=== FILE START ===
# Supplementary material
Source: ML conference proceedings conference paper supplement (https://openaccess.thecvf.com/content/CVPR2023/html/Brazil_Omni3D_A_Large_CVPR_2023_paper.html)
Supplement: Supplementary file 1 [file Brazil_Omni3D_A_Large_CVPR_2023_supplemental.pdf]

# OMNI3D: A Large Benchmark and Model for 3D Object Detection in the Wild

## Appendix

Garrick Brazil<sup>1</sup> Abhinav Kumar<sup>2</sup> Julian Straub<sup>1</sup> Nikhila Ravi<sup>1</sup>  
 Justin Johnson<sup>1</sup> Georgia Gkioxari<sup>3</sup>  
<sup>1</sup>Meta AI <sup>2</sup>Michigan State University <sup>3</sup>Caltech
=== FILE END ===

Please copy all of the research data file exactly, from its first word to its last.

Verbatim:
# Supplementary material
Source: ML conference proceedings conference paper supplement (https://openaccess.thecvf.com/content/CVPR2023/html/Brazil_Omni3D_A_Large_CVPR_2023_paper.html)
Supplement: Supplementary file 1 [file Brazil_Omni3D_A_Large_CVPR_2023_supplemental.pdf]

# OMNI3D: A Large Benchmark and Model for 3D Object Detection in the Wild

## Appendix

Garrick Brazil<sup>1</sup> Abhinav Kumar<sup>2</sup> Julian Straub<sup>1</sup> Nikhila Ravi<sup>1</sup>  
 Justin Johnson<sup>1</sup> Georgia Gkioxari<sup>3</sup>  
<sup>1</sup>Meta AI <sup>2</sup>Michigan State University <sup>3</sup>Caltech